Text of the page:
Hundreds of vaccine recipients reported they had developed autoimmune and other side effects. Supported by some patient advocacy groups, a number of class-action lawsuits were filed against GlaxoSmithKline, alleging the vaccine had caused these health problems. These claims were investigated by the FDA and the Centers for Disease Control, which found no connection between the vaccine and the autoimmune complaints. Despite the lack of evidence that the complaints were caused by the vaccine, sales plummeted and LYMErix was withdrawn from the market. Between the time of its licensure in 1998 and July 31, 2000, about 1.5 million doses of the vaccine were distributed.

Currently, three Lyme disease vaccines are available. LymeVax, formulated by Fort Dodge Laboratories, contains intact dead spirochetes which expose the host to the organism. Galaxy Lyme, Intervet-Schering-Plough’s vaccine, targets proteins OspC and OspA. The OspC antibodies kill any of the bacteria that have not been killed by the OspA antibodies. Canine Recombinant Lyme, formulated by Merial, generates antibodies against the OspA protein so a tick feeding on a vaccinated dog draws in blood full of anti-OspA antibodies, which kill the spirochetes in the tick’s gut before they are transmitted to the dog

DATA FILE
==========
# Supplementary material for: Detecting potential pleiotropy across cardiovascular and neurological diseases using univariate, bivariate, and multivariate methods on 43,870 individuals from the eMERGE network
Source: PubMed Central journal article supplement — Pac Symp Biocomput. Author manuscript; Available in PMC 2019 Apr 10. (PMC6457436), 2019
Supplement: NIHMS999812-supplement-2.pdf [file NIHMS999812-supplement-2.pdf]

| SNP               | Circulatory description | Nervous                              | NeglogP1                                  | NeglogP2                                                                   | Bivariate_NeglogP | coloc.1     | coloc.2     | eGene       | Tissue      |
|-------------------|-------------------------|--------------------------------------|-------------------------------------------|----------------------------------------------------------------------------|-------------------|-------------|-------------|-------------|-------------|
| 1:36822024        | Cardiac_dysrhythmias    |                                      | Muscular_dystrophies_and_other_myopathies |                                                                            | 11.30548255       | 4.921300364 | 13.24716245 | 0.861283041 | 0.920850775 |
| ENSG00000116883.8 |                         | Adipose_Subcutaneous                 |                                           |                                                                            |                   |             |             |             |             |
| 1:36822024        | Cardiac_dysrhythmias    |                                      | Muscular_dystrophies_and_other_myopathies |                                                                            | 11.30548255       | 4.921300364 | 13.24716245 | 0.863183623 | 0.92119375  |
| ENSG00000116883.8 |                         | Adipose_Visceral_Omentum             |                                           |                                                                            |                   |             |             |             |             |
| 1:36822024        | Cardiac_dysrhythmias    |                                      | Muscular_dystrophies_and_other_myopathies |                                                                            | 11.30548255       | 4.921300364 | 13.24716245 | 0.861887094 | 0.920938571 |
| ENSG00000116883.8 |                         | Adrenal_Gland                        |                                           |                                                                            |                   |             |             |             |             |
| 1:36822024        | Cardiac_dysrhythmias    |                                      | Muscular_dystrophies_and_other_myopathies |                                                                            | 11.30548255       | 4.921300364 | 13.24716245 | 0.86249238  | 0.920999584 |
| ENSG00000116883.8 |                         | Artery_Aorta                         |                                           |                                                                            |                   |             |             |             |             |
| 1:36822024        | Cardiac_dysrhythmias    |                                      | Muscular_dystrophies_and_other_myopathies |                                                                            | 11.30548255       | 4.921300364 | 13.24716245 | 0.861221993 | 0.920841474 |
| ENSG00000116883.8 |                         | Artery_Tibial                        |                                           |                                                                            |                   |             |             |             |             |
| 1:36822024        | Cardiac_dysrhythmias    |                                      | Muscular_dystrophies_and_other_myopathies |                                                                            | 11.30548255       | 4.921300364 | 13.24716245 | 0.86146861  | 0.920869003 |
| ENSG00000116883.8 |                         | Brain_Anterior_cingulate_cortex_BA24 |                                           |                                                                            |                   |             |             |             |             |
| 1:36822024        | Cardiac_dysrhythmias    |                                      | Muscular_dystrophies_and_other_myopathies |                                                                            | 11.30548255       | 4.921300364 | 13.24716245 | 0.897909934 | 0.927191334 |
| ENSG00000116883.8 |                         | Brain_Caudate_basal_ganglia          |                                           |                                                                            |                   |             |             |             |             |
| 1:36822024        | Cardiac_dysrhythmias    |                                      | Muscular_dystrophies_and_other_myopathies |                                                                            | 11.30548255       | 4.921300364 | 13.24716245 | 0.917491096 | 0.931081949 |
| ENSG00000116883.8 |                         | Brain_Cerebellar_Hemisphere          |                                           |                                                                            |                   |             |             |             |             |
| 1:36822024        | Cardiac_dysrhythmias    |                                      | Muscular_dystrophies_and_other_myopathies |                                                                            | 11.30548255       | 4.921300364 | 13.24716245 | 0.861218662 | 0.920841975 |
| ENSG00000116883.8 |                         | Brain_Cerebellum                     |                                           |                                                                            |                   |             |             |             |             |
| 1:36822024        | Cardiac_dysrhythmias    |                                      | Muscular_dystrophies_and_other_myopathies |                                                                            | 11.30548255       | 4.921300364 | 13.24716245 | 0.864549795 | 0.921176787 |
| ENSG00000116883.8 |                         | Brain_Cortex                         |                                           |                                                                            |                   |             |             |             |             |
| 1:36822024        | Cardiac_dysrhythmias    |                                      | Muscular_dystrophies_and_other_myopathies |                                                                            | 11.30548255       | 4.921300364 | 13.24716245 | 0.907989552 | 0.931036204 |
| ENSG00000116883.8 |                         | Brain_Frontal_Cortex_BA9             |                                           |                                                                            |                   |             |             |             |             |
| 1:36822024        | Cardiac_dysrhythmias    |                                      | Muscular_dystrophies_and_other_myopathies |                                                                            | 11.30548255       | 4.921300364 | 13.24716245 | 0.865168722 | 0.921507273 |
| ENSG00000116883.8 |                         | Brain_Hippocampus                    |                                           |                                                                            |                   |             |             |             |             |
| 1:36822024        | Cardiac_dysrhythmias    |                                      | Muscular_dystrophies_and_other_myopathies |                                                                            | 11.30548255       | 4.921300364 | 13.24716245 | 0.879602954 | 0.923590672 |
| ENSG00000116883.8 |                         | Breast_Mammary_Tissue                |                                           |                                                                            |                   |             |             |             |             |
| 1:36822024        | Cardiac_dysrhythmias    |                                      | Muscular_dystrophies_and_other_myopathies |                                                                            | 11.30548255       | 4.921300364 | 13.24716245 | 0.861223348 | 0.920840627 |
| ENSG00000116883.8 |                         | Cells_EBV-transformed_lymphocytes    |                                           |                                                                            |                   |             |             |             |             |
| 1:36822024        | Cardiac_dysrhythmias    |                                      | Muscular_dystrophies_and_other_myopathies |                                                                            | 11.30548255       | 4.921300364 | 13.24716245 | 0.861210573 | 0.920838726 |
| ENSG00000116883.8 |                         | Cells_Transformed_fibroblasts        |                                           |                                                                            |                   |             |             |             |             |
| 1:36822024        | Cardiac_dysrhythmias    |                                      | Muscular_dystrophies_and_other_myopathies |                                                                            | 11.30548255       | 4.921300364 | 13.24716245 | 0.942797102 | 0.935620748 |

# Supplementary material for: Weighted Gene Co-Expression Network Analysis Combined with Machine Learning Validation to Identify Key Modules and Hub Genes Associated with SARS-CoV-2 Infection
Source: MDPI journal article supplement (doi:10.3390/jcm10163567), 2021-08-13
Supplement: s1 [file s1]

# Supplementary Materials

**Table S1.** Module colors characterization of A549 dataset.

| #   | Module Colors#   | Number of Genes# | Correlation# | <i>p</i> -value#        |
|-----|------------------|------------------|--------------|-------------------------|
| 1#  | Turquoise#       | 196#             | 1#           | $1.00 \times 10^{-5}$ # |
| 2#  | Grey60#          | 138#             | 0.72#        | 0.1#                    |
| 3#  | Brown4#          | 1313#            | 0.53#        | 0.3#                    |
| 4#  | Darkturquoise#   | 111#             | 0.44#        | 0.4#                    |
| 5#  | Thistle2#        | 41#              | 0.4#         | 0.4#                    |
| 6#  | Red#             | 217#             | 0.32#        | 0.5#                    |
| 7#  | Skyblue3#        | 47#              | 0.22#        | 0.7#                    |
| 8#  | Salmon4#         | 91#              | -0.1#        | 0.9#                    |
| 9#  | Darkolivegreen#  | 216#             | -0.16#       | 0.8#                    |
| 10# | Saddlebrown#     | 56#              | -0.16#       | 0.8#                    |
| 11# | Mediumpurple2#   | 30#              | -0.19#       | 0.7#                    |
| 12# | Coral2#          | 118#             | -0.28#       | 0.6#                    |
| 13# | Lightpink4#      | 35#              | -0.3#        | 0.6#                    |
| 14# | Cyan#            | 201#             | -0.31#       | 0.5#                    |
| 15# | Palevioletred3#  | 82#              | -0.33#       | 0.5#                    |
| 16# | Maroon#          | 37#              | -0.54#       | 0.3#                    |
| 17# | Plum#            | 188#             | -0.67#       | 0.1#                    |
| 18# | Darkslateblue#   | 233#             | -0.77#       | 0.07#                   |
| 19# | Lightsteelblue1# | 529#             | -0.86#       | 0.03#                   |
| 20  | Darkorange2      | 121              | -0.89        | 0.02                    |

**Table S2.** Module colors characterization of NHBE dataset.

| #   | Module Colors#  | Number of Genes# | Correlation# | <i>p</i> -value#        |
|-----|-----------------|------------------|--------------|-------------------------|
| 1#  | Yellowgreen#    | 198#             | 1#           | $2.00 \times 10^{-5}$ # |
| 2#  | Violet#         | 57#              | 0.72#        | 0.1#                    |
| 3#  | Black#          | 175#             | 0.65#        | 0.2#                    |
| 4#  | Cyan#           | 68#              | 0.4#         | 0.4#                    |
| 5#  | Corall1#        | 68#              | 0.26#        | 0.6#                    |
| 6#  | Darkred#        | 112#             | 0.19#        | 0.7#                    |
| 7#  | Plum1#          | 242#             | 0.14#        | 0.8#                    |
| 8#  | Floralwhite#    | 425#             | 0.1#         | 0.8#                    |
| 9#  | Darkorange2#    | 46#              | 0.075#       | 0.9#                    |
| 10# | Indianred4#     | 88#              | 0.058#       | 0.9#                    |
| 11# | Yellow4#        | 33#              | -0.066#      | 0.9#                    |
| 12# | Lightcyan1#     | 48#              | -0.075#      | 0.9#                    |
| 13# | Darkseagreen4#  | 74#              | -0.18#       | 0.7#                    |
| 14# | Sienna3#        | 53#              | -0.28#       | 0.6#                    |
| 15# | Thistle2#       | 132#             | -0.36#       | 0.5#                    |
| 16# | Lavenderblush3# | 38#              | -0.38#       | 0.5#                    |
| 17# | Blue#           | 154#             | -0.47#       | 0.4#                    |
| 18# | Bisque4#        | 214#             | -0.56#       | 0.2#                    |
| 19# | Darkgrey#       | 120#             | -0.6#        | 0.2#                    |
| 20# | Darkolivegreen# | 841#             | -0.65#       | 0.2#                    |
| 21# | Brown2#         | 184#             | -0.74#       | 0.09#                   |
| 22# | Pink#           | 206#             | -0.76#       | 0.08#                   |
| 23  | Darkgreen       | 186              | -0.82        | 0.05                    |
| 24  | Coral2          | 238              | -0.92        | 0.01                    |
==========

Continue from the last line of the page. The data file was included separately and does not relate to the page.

Lyme Disease Treatment

Treatment in the early stage of Lyme disease is quite effective. Patients can be treated with some antibiotics such as doxycycline, amoxicillin, or cefuroxime axetil. People with certain neurological or cardiac forms of illness may require intravenous treatment with antibiotics such as ceftriaxone or penicillin.